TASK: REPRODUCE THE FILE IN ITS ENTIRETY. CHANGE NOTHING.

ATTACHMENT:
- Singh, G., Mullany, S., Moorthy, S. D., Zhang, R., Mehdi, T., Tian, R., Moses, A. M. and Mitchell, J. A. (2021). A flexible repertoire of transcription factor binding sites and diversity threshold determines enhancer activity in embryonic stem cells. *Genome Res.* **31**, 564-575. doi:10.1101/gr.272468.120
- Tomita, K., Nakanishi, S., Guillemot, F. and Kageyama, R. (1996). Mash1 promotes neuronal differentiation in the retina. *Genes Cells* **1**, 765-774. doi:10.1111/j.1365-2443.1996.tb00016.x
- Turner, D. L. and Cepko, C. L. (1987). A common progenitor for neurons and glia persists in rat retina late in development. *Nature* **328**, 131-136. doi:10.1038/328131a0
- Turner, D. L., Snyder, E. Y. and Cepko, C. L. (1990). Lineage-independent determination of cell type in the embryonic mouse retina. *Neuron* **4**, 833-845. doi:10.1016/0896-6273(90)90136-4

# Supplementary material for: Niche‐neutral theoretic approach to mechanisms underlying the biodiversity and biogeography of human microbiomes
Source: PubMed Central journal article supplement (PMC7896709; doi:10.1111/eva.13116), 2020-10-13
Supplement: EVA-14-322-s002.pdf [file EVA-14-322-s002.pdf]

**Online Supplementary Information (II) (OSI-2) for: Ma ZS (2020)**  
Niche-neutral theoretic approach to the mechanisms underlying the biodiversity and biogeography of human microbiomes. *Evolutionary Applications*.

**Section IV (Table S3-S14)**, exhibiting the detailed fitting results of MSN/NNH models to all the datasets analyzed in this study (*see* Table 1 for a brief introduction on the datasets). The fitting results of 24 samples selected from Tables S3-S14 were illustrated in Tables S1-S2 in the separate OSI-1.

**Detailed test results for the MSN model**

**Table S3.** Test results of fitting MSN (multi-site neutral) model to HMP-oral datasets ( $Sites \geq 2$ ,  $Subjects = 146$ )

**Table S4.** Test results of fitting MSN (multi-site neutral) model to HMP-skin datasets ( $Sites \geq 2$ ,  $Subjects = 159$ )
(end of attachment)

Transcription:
- Singh, G., Mullany, S., Moorthy, S. D., Zhang, R., Mehdi, T., Tian, R., Moses, A. M. and Mitchell, J. A. (2021). A flexible repertoire of transcription factor binding sites and diversity threshold determines enhancer activity in embryonic stem cells. *Genome Res.* **31**, 564-575. doi:10.1101/gr.272468.120
- Tomita, K., Nakanishi, S., Guillemot, F. and Kageyama, R. (1996). Mash1 promotes neuronal differentiation in the retina. *Genes Cells* **1**, 765-774. doi:10.1111/j.1365-2443.1996.tb00016.x
- Turner, D. L. and Cepko, C. L. (1987). A common progenitor for neurons and glia persists in rat retina late in development. *Nature* **328**, 131-136. doi:10.1038/328131a0
- Turner, D. L., Snyder, E. Y. and Cepko, C. L. (1990). Lineage-independent determination of cell type in the embryonic mouse retina. *Neuron* **4**, 833-845. doi:10.1016/0896-6273(90)90136-4

# Supplementary material for: Niche‐neutral theoretic approach to mechanisms underlying the biodiversity and biogeography of human microbiomes
Source: PubMed Central journal article supplement (PMC7896709; doi:10.1111/eva.13116), 2020-10-13
Supplement: EVA-14-322-s002.pdf [file EVA-14-322-s002.pdf]

**Online Supplementary Information (II) (OSI-2) for: Ma ZS (2020)**  
Niche-neutral theoretic approach to the mechanisms underlying the biodiversity and biogeography of human microbiomes. *Evolutionary Applications*.

**Section IV (Table S3-S14)**, exhibiting the detailed fitting results of MSN/NNH models to all the datasets analyzed in this study (*see* Table 1 for a brief introduction on the datasets). The fitting results of 24 samples selected from Tables S3-S14 were illustrated in Tables S1-S2 in the separate OSI-1.

**Detailed test results for the MSN model**

**Table S3.** Test results of fitting MSN (multi-site neutral) model to HMP-oral datasets ( $Sites \geq 2$ ,  $Subjects = 146$ )

**Table S4.** Test results of fitting MSN (multi-site neutral) model to HMP-skin datasets ( $Sites \geq 2$ ,  $Subjects = 159$ )